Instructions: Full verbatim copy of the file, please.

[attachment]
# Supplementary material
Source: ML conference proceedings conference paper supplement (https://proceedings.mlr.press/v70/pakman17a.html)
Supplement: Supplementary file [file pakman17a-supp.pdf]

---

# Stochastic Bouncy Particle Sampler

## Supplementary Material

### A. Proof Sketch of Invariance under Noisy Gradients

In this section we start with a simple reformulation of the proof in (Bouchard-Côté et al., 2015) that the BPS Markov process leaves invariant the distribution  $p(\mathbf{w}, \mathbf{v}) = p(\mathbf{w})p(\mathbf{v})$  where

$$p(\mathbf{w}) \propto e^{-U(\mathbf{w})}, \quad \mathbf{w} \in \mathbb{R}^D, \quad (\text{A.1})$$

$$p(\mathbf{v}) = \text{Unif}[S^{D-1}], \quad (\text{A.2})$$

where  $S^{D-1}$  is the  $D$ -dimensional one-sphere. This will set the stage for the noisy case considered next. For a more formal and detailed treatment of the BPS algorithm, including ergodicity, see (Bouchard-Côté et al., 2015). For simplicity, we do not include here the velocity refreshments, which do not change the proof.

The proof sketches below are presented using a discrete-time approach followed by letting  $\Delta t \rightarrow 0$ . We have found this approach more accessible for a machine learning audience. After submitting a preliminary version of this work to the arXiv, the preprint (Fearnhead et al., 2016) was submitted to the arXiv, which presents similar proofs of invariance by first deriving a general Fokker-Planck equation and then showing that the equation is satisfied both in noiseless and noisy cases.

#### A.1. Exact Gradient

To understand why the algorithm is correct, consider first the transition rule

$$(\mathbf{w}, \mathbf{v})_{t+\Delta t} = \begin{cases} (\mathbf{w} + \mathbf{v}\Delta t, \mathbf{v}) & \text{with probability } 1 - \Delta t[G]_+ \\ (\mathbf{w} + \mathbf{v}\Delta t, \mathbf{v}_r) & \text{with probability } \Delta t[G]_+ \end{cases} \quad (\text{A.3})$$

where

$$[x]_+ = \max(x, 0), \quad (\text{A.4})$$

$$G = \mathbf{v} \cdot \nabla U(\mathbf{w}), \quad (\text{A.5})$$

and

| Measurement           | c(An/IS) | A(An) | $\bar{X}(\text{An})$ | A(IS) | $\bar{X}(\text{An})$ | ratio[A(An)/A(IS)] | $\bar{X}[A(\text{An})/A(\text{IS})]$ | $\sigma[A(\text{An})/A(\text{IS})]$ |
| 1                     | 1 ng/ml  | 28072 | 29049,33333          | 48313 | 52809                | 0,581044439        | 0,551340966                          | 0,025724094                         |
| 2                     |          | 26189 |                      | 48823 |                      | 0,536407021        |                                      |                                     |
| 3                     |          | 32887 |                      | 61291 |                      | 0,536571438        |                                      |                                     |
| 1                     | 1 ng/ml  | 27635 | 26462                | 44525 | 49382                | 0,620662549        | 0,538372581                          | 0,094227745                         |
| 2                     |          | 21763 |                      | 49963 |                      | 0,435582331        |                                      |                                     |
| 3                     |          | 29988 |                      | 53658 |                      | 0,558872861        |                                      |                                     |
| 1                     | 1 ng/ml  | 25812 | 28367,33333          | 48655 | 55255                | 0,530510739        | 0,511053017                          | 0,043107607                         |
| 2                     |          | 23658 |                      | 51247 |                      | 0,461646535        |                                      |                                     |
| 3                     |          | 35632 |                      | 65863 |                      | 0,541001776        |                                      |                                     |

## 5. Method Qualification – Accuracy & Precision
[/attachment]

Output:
# Supplementary material
Source: ML conference proceedings conference paper supplement (https://proceedings.mlr.press/v70/pakman17a.html)
Supplement: Supplementary file [file pakman17a-supp.pdf]

---

# Stochastic Bouncy Particle Sampler

## Supplementary Material

### A. Proof Sketch of Invariance under Noisy Gradients

In this section we start with a simple reformulation of the proof in (Bouchard-Côté et al., 2015) that the BPS Markov process leaves invariant the distribution  $p(\mathbf{w}, \mathbf{v}) = p(\mathbf{w})p(\mathbf{v})$  where

$$p(\mathbf{w}) \propto e^{-U(\mathbf{w})}, \quad \mathbf{w} \in \mathbb{R}^D, \quad (\text{A.1})$$

$$p(\mathbf{v}) = \text{Unif}[S^{D-1}], \quad (\text{A.2})$$

where  $S^{D-1}$  is the  $D$ -dimensional one-sphere. This will set the stage for the noisy case considered next. For a more formal and detailed treatment of the BPS algorithm, including ergodicity, see (Bouchard-Côté et al., 2015). For simplicity, we do not include here the velocity refreshments, which do not change the proof.

The proof sketches below are presented using a discrete-time approach followed by letting  $\Delta t \rightarrow 0$ . We have found this approach more accessible for a machine learning audience. After submitting a preliminary version of this work to the arXiv, the preprint (Fearnhead et al., 2016) was submitted to the arXiv, which presents similar proofs of invariance by first deriving a general Fokker-Planck equation and then showing that the equation is satisfied both in noiseless and noisy cases.

#### A.1. Exact Gradient

To understand why the algorithm is correct, consider first the transition rule

$$(\mathbf{w}, \mathbf{v})_{t+\Delta t} = \begin{cases} (\mathbf{w} + \mathbf{v}\Delta t, \mathbf{v}) & \text{with probability } 1 - \Delta t[G]_+ \\ (\mathbf{w} + \mathbf{v}\Delta t, \mathbf{v}_r) & \text{with probability } \Delta t[G]_+ \end{cases} \quad (\text{A.3})$$

where

$$[x]_+ = \max(x, 0), \quad (\text{A.4})$$

$$G = \mathbf{v} \cdot \nabla U(\mathbf{w}), \quad (\text{A.5})$$

and

| Measurement           | c(An/IS) | A(An) | $\bar{X}(\text{An})$ | A(IS) | $\bar{X}(\text{An})$ | ratio[A(An)/A(IS)] | $\bar{X}[A(\text{An})/A(\text{IS})]$ | $\sigma[A(\text{An})/A(\text{IS})]$ |
| 1                     | 1 ng/ml  | 28072 | 29049,33333          | 48313 | 52809                | 0,581044439        | 0,551340966                          | 0,025724094                         |
| 2                     |          | 26189 |                      | 48823 |                      | 0,536407021        |                                      |                                     |
| 3                     |          | 32887 |                      | 61291 |                      | 0,536571438        |                                      |                                     |
| 1                     | 1 ng/ml  | 27635 | 26462                | 44525 | 49382                | 0,620662549        | 0,538372581                          | 0,094227745                         |
| 2                     |          | 21763 |                      | 49963 |                      | 0,435582331        |                                      |                                     |
| 3                     |          | 29988 |                      | 53658 |                      | 0,558872861        |                                      |                                     |
| 1                     | 1 ng/ml  | 25812 | 28367,33333          | 48655 | 55255                | 0,530510739        | 0,511053017                          | 0,043107607                         |
| 2                     |          | 23658 |                      | 51247 |                      | 0,461646535        |                                      |                                     |
| 3                     |          | 35632 |                      | 65863 |                      | 0,541001776        |                                      |                                     |

## 5. Method Qualification – Accuracy & Precision